Intercontinental Exchange Inc. executives said there are a number of companies unprepared for the European Union's Markets in Financial Instruments Directive, or MiFID II.
"We're going on sales calls and talking to people about these things, and they look at us like we have three eyes," ICE CFO Scott Hill said during a second-quarter earnings call with investors.
The EU legislation is designed to regulate firms providing any services related to financial instruments, which can range from bonds and derivatives to shares and investment plans. The regulation will go into effect Jan. 3, 2018.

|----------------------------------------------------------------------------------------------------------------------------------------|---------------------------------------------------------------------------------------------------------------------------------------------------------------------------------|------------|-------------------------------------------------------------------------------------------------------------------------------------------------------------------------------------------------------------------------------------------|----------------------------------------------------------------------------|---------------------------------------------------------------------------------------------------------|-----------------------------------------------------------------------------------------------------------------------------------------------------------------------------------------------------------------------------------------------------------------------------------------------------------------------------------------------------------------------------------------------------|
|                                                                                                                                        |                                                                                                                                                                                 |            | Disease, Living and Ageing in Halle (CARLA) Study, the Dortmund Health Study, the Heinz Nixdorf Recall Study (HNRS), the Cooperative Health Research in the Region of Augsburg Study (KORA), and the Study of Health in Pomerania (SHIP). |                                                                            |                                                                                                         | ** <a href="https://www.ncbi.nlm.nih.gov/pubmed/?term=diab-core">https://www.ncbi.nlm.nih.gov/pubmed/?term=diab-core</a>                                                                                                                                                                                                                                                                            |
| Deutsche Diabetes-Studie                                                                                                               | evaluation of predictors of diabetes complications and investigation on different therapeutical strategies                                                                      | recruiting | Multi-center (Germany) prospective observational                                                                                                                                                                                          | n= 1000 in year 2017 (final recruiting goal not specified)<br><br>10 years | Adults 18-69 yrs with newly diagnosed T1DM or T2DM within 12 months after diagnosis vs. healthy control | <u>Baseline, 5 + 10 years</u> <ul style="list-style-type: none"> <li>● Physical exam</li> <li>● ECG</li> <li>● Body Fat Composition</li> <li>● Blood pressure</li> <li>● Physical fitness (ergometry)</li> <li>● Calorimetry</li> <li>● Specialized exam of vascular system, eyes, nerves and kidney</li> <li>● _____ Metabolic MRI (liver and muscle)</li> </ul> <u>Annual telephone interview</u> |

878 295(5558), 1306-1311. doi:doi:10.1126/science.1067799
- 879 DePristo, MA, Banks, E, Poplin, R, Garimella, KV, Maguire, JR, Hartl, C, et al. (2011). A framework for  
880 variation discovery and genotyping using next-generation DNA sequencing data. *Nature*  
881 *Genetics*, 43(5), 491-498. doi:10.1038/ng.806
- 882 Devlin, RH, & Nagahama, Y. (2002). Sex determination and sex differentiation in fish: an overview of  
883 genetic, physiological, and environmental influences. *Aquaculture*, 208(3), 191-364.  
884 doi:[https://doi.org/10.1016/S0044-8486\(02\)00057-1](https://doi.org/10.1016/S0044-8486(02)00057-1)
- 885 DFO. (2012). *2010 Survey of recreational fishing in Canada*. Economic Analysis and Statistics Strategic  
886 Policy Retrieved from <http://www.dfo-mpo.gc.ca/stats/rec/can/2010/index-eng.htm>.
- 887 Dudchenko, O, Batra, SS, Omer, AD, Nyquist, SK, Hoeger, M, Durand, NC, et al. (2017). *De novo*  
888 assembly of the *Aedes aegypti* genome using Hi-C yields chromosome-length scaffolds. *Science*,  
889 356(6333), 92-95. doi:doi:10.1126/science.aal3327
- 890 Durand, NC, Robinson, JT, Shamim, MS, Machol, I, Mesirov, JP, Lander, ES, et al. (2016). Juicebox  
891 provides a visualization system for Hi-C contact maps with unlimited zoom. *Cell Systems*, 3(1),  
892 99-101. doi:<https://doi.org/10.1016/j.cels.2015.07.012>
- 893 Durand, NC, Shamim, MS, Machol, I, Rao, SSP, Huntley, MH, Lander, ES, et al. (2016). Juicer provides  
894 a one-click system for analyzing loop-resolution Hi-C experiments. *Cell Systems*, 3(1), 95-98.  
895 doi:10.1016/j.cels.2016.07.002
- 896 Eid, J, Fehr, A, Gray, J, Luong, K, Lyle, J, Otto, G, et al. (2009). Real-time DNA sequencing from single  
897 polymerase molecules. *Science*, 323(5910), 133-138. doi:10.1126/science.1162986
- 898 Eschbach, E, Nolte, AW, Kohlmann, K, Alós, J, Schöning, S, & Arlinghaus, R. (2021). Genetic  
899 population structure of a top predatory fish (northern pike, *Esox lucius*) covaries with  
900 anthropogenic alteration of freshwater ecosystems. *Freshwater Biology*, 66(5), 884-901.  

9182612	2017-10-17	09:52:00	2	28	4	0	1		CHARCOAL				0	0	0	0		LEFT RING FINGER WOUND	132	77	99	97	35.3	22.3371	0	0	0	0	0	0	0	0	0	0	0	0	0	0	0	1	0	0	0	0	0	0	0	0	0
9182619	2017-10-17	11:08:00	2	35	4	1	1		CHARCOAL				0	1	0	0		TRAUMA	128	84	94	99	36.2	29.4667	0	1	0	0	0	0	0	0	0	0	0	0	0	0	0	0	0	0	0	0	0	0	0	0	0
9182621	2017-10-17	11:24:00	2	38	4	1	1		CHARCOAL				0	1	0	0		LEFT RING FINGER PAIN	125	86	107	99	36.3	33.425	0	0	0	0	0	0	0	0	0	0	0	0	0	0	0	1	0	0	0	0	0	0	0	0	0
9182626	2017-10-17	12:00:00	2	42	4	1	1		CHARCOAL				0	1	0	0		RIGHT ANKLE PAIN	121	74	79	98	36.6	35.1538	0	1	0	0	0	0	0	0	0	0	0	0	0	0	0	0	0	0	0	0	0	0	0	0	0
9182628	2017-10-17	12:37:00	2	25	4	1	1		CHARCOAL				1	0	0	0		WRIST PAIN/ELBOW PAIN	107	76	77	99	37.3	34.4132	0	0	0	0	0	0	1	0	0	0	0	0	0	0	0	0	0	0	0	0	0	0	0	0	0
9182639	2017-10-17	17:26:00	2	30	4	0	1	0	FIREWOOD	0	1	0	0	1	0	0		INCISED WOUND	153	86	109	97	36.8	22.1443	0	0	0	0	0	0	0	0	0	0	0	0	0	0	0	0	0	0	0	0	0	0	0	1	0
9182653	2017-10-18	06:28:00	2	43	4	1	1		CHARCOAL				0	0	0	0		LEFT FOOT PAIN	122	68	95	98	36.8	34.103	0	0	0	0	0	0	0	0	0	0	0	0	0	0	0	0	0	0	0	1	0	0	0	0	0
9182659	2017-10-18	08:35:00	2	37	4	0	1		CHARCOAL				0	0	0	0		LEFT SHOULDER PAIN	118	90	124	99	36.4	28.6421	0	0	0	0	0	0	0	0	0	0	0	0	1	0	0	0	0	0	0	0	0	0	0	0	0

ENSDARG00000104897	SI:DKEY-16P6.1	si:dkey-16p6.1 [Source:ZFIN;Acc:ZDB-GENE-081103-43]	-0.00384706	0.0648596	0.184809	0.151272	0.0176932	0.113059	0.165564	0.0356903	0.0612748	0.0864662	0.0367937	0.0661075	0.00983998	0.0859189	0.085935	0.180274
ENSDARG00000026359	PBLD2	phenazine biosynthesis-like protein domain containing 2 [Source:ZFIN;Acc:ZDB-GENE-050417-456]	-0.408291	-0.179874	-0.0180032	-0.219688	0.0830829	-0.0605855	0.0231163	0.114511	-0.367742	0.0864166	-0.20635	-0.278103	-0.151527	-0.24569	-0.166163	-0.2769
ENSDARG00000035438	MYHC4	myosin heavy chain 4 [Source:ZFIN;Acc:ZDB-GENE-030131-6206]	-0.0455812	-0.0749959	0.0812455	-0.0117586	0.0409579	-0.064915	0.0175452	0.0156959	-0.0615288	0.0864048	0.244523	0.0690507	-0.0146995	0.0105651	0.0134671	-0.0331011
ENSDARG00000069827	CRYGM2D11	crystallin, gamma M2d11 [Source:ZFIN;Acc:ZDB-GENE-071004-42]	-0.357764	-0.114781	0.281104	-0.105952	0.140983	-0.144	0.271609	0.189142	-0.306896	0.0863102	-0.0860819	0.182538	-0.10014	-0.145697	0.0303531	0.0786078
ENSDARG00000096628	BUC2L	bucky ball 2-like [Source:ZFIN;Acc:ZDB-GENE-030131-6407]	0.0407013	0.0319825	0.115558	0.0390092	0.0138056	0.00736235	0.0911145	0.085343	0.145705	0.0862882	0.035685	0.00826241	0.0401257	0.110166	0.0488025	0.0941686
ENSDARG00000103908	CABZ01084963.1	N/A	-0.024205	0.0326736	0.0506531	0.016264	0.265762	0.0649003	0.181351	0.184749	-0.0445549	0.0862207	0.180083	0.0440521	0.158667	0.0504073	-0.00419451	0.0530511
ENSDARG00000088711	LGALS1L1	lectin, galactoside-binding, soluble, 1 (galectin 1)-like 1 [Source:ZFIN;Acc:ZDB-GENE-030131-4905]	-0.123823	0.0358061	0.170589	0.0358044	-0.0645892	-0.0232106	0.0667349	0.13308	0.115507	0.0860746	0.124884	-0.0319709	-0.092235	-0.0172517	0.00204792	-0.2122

The exchange operator has been working to push for certain delays in the legislation, as it believes that systemic risk is heightened with MiFID II, the U.K. leaving the European Union and Basel III all ongoing at the same time. Investors are also likely to face significant costs as a part of MiFID II, ICE Chairman and CEO Jeffrey Sprecher said on the call.
Still, the company remains confident that it will be able to support its customers wherever they choose to do business with its systems on a common technology platform across the U.S., U.K., Europe, Canada and Asia, Sprecher said.
"There's going to be quite a lagging impact and given the uncertainty around MiFID that's going to be caused by Brexit, I think that trend is going to be in the market for many years," Hill said.